What Is Sleep Apnea?

By kyle
Reviewed: Dr. Gromatzky
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Do you feel as though you never get fully rested at night and find yourself sometimes waking up and gasping for breath? Does your partner make comments about how loudly you snore or that you seem to hold your breath during the night? Are you often moody or irritable throughout the day or find yourself falling asleep at times? If so, there is a chance that you could be suffering from sleep apnea.

Although many people associate sleep apnea with older adults, people of all ages can develop this condition. Since the disorder can be serious, it is important to get an evaluation from a medical professional if you suspect you may have developed it. With proper diagnosis and treatment, it is possible to live a life free from sleep apnea symptoms and the complications the condition can cause.

1. What Is Sleep Apnea?

Sleep apnea is a medical condition that causes you to stop and start breathing while asleep, which temporarily lowers your oxygen levels. Although the disorder is very common, it often needs to be evaluated and treated by a medical professional. People who suffer from it can have apnea episodes any time sleep occurs, whether at night or during a daytime nap.

Doctors recognize three major types of sleep apnea, and most cases fall into one of these categories. The most commonly diagnosed type, obstructive sleep apnea, occurs when the muscles of the throat relax too much while sleeping. Central sleep apnea occurs when the signals of the brain that control breathing while asleep are not functioning optimally. Some individuals have a combination of both obstructive sleep apnea and central sleep apnea. This is known as complex sleep apnea syndrome and can be more difficult to treat.

Sleep Apnea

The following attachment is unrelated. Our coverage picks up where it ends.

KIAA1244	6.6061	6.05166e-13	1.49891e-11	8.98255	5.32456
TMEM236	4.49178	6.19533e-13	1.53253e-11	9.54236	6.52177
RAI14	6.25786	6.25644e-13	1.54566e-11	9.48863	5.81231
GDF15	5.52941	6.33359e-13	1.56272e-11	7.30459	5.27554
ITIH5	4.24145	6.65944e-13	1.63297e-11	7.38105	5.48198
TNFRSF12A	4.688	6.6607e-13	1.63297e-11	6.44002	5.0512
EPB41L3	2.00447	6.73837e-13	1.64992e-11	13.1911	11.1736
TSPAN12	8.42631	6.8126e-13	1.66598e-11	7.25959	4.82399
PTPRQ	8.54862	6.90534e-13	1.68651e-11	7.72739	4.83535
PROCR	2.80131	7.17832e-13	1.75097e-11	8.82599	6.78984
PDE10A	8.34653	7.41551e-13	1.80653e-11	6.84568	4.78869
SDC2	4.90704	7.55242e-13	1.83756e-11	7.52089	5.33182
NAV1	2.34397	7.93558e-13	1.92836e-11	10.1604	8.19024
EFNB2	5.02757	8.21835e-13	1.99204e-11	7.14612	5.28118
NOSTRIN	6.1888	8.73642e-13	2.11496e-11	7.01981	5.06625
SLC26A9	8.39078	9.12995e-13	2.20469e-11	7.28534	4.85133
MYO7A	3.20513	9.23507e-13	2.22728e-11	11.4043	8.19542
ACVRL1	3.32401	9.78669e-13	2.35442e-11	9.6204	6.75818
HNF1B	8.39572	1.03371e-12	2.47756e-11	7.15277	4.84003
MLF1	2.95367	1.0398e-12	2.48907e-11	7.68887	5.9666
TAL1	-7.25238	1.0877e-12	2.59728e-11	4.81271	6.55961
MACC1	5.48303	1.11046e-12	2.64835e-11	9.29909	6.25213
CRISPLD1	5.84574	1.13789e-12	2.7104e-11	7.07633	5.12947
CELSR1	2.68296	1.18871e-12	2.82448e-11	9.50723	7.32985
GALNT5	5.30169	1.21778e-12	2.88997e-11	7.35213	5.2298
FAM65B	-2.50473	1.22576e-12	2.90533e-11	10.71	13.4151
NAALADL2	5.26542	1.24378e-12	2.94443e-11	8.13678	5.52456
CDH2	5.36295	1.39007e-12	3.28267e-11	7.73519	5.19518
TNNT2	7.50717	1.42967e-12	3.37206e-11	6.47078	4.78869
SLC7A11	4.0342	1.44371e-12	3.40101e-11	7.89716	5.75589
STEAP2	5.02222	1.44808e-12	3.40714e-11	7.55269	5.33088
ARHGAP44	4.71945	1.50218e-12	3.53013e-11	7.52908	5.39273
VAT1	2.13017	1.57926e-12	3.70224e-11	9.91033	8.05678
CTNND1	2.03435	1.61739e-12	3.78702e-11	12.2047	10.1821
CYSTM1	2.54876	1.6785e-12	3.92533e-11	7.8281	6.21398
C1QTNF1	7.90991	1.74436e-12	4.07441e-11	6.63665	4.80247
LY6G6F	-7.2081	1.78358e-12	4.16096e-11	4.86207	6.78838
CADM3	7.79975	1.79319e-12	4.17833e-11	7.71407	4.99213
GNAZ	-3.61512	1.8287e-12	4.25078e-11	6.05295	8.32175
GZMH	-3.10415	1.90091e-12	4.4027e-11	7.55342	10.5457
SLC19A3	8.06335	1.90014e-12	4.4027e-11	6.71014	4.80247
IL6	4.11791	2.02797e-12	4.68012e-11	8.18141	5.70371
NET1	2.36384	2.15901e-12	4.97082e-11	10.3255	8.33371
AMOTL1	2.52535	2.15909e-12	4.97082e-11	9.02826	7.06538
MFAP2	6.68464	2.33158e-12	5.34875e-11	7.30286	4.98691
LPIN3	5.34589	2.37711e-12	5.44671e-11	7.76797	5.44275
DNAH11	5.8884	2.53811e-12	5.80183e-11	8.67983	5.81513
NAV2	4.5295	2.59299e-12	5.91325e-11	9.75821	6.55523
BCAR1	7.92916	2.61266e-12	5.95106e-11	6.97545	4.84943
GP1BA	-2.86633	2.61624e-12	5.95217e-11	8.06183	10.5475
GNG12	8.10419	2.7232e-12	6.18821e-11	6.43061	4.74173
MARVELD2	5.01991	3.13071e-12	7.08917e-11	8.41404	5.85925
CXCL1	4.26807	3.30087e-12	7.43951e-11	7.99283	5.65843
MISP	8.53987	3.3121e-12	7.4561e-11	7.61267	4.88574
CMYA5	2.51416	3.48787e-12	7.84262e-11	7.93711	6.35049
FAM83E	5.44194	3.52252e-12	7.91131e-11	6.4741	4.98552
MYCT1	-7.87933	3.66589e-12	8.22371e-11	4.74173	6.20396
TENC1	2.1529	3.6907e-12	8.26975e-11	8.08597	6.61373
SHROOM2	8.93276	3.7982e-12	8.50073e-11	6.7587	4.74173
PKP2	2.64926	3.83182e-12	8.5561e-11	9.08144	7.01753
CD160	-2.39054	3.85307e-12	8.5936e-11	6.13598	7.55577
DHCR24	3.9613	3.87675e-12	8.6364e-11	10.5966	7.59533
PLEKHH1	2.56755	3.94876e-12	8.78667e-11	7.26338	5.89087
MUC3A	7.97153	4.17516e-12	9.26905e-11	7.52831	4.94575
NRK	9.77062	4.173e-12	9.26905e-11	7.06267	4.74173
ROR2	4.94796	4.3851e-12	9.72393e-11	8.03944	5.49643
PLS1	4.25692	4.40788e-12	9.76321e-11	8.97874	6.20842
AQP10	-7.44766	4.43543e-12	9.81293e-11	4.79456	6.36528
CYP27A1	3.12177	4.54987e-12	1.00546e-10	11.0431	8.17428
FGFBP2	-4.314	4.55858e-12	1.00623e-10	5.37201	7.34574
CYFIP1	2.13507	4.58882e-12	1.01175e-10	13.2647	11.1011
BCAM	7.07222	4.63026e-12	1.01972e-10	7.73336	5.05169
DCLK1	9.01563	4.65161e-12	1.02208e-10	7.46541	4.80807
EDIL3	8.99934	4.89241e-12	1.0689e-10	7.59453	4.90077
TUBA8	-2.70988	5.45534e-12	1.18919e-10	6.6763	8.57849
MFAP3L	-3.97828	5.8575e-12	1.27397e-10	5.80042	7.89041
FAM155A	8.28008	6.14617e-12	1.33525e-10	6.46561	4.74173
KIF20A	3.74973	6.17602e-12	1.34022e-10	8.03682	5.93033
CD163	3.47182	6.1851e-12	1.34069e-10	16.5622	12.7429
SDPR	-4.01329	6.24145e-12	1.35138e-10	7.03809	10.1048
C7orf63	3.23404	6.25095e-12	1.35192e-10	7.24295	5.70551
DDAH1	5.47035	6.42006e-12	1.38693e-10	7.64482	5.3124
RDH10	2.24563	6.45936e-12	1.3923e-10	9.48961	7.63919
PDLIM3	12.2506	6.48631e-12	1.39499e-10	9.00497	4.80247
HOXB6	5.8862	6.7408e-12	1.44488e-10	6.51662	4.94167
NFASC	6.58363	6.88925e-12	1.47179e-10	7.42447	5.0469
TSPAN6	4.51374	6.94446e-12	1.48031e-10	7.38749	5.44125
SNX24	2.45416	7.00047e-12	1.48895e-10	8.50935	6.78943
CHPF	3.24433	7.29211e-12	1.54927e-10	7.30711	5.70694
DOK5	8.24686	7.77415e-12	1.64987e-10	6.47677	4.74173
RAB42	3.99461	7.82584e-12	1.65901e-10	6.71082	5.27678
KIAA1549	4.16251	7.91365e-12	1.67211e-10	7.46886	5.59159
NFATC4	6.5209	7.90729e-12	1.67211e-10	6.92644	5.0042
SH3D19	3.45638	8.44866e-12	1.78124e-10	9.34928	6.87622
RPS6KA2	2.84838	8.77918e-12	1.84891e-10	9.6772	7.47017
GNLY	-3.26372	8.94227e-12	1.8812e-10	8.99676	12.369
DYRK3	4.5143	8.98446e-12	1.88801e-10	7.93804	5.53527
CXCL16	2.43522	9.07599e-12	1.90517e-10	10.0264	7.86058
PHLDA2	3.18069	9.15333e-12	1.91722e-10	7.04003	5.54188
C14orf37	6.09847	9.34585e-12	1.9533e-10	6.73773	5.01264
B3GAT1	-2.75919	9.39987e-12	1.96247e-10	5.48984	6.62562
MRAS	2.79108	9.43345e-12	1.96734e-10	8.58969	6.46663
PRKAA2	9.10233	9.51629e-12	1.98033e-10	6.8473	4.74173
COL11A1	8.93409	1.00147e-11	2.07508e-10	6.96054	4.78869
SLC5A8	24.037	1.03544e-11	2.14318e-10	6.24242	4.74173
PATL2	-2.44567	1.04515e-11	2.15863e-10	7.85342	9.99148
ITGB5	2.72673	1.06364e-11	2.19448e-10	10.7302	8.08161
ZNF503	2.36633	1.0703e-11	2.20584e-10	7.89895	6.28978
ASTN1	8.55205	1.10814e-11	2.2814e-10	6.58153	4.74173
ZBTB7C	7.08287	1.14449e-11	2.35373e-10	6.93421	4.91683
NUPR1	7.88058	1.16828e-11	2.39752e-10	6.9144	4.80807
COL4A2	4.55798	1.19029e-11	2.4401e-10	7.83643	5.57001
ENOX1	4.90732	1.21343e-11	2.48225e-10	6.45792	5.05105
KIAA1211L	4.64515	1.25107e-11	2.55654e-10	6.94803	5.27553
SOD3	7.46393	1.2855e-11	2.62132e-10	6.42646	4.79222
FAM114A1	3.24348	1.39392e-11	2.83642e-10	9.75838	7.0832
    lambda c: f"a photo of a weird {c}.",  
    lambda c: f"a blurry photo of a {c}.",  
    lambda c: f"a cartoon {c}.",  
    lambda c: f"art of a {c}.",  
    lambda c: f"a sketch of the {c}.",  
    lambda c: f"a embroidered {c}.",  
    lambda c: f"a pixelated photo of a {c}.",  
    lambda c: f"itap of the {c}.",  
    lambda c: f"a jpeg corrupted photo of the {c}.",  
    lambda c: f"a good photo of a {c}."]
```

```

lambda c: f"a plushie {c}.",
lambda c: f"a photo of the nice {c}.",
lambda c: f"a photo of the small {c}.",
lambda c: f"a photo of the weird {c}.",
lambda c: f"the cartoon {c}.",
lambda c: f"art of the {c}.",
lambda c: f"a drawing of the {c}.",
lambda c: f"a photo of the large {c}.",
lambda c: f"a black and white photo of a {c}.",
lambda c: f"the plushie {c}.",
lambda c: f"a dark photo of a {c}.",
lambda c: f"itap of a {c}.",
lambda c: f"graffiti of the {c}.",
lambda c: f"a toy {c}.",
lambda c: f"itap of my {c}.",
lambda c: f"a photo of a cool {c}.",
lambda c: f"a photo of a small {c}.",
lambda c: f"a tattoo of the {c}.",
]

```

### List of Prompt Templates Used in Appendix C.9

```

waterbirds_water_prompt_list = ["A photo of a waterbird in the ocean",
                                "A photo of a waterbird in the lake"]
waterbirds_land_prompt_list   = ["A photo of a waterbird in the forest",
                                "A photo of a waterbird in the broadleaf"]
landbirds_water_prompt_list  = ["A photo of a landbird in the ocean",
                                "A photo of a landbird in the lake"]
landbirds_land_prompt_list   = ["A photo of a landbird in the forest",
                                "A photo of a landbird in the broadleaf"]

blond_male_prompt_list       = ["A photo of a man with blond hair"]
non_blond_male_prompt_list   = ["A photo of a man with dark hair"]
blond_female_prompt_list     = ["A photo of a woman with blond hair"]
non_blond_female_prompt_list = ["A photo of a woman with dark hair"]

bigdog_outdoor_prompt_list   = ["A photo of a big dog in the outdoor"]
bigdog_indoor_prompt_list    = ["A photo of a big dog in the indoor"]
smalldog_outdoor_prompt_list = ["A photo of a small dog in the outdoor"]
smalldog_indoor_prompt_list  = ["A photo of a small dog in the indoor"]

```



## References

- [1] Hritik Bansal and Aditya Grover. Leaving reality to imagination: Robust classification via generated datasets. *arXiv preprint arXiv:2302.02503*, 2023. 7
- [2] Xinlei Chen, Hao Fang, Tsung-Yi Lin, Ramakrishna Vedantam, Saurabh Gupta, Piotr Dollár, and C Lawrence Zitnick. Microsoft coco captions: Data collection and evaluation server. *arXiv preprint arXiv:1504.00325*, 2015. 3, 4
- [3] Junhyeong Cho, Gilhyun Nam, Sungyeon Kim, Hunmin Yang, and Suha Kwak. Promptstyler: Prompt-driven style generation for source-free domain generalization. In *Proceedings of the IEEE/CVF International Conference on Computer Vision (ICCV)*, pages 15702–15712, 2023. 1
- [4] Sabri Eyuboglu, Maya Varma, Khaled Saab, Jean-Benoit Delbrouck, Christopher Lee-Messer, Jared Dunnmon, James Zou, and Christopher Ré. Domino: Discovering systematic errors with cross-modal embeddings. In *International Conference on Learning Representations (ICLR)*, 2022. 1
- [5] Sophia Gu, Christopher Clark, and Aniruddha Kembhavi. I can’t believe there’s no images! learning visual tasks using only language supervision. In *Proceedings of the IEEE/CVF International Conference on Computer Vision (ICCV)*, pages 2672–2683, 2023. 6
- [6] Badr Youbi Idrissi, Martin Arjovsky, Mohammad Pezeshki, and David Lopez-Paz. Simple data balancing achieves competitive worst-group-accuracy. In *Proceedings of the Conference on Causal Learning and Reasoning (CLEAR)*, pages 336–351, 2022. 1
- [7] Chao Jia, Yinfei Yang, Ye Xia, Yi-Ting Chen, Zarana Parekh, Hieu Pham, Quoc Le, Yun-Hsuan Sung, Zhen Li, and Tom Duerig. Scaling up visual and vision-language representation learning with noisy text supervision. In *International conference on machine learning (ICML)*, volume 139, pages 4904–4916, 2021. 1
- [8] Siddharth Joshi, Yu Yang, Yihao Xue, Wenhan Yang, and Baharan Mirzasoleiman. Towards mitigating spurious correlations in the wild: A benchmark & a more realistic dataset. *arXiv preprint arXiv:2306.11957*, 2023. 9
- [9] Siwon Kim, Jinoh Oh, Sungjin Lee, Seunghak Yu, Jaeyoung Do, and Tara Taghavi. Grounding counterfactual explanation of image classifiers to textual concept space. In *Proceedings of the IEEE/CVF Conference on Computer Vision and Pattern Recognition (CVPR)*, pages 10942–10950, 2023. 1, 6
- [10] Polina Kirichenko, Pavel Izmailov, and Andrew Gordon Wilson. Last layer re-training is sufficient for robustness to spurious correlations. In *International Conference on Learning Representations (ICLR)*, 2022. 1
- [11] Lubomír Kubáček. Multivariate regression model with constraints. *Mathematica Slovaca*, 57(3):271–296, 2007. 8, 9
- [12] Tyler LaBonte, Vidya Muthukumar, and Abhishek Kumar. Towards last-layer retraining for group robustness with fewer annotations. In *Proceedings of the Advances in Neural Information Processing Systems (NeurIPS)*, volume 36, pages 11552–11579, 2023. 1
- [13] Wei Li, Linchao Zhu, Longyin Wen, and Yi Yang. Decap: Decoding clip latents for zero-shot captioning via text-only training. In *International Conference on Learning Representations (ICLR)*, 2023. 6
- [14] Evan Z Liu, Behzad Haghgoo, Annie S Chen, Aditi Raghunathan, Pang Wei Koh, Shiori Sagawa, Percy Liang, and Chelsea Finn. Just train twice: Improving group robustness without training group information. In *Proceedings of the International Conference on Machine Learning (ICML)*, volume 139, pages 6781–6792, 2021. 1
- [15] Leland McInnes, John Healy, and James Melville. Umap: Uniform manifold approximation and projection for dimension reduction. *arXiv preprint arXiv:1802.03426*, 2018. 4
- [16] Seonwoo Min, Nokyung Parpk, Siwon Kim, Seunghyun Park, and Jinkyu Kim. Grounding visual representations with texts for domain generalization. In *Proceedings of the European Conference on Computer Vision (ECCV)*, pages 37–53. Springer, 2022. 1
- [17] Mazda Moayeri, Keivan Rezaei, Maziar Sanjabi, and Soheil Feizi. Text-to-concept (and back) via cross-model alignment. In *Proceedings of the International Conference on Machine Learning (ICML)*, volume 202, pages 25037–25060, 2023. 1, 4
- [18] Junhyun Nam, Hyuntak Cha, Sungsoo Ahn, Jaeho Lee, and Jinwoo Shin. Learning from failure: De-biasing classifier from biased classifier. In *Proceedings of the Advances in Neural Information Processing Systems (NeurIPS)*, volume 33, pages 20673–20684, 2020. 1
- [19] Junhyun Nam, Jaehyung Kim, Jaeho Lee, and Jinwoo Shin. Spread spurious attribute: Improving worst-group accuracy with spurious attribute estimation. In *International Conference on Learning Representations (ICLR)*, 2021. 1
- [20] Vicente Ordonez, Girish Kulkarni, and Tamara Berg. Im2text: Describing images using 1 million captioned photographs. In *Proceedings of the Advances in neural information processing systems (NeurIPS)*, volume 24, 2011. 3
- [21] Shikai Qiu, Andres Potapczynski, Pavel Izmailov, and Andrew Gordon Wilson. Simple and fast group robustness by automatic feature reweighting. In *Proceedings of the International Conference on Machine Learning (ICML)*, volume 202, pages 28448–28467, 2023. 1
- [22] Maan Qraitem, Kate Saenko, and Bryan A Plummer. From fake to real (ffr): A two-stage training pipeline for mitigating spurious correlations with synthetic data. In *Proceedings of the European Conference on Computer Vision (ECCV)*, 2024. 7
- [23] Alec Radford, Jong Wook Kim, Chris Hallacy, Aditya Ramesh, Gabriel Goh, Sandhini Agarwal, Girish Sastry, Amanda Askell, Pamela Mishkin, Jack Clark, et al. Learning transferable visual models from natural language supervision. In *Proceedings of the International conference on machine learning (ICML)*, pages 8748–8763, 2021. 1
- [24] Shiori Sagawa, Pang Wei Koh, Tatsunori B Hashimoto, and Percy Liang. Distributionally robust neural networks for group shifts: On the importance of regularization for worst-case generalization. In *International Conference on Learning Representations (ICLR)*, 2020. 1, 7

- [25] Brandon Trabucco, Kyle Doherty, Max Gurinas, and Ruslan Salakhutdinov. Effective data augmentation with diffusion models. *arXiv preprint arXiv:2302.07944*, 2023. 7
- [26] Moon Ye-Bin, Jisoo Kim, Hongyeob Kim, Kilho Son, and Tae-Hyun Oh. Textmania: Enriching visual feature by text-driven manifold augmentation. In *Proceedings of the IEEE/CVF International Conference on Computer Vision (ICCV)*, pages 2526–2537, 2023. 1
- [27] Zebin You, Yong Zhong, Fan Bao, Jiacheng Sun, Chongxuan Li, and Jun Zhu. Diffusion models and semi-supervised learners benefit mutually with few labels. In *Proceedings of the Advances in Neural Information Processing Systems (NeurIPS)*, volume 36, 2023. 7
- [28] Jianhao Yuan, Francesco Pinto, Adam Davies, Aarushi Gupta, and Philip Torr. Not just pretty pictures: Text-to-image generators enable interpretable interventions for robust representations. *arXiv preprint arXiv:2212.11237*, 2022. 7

2. Is Sleep Apnea Dangerous?

Sleep apnea can cause worsening symptoms over time as well as secondary conditions. Although the condition is not always immediately serious, ignoring the symptoms can mean a delay in treatment that leads complications down the road. Early diagnosis and treatment can help prevent secondary conditions from ever developing down the road.

Even if you do not feel like your symptoms are severe enough to affect your health, it is important to get an evaluation from a physician. Many of the complications of long-term sleep apnea do not arise until much later and can be mistaken for symptoms of other conditions or simply overlooked because they are common.

3. What Are the Symptoms of Sleep Apnea?

Sometimes the first indicator that you may be suffering from sleep apnea is a comment from your partner about your loud snoring or episodes of what seems like you holding your breath while you sleep. When you stop breathing temporarily, you may wake up gasping for breath. Even though these are common symptoms, not everyone who has sleep apnea exhibits them, however.

Other symptoms are more subtle. You may notice that you are irritable or never feel rested in spite of getting an adequate number of hours of sleep. You may also have difficulty staying awake during the day or wake up with a headache each morning. Some people report waking up with a sore throat or dry mouth as a symptom.

Sleep Apnea

4. What Causes Sleep Apnea?

Obstructive sleep apnea occurs when the muscles of the throat relax too much while you are asleep, which results in a narrowed or closed-off airway. If you are not receiving enough oxygen, your brain senses it and sends you a wake-up signal to open your airway back up. This can repeat throughout the night and limit the amount of quality deep sleep you are able to achieve.

Central sleep apnea is not as common as the obstructive type and occurs when your brain is unable to properly send messages to the muscles responsible for breathing while you are asleep. As a result, you stop breathing for periods of time and can awaken feeling short of breath. Individuals with this type of apnea often have trouble falling asleep as well.

5. How Is Sleep Apnea Diagnosed?

The first step of diagnosis is the evaluation of your symptoms by a physician. If your primary care doctor suspects sleep apnea, he or she typically will refer you to a specialist for a sleep study at a center for sleep disorders. During a sleep study, you will spend the night at the center while your vitals and breathing patterns are monitored by medical professionals.

If an in-lab sleep study is not possible, there are monitoring options that can take place at home. Your physician may choose to have you monitored with an at-home monitoring test. This type of test is not as accurate as a sleep study and is more simplified. If the results are abnormal or inconclusive, sometimes a sleep study at a center is still needed before proceeding.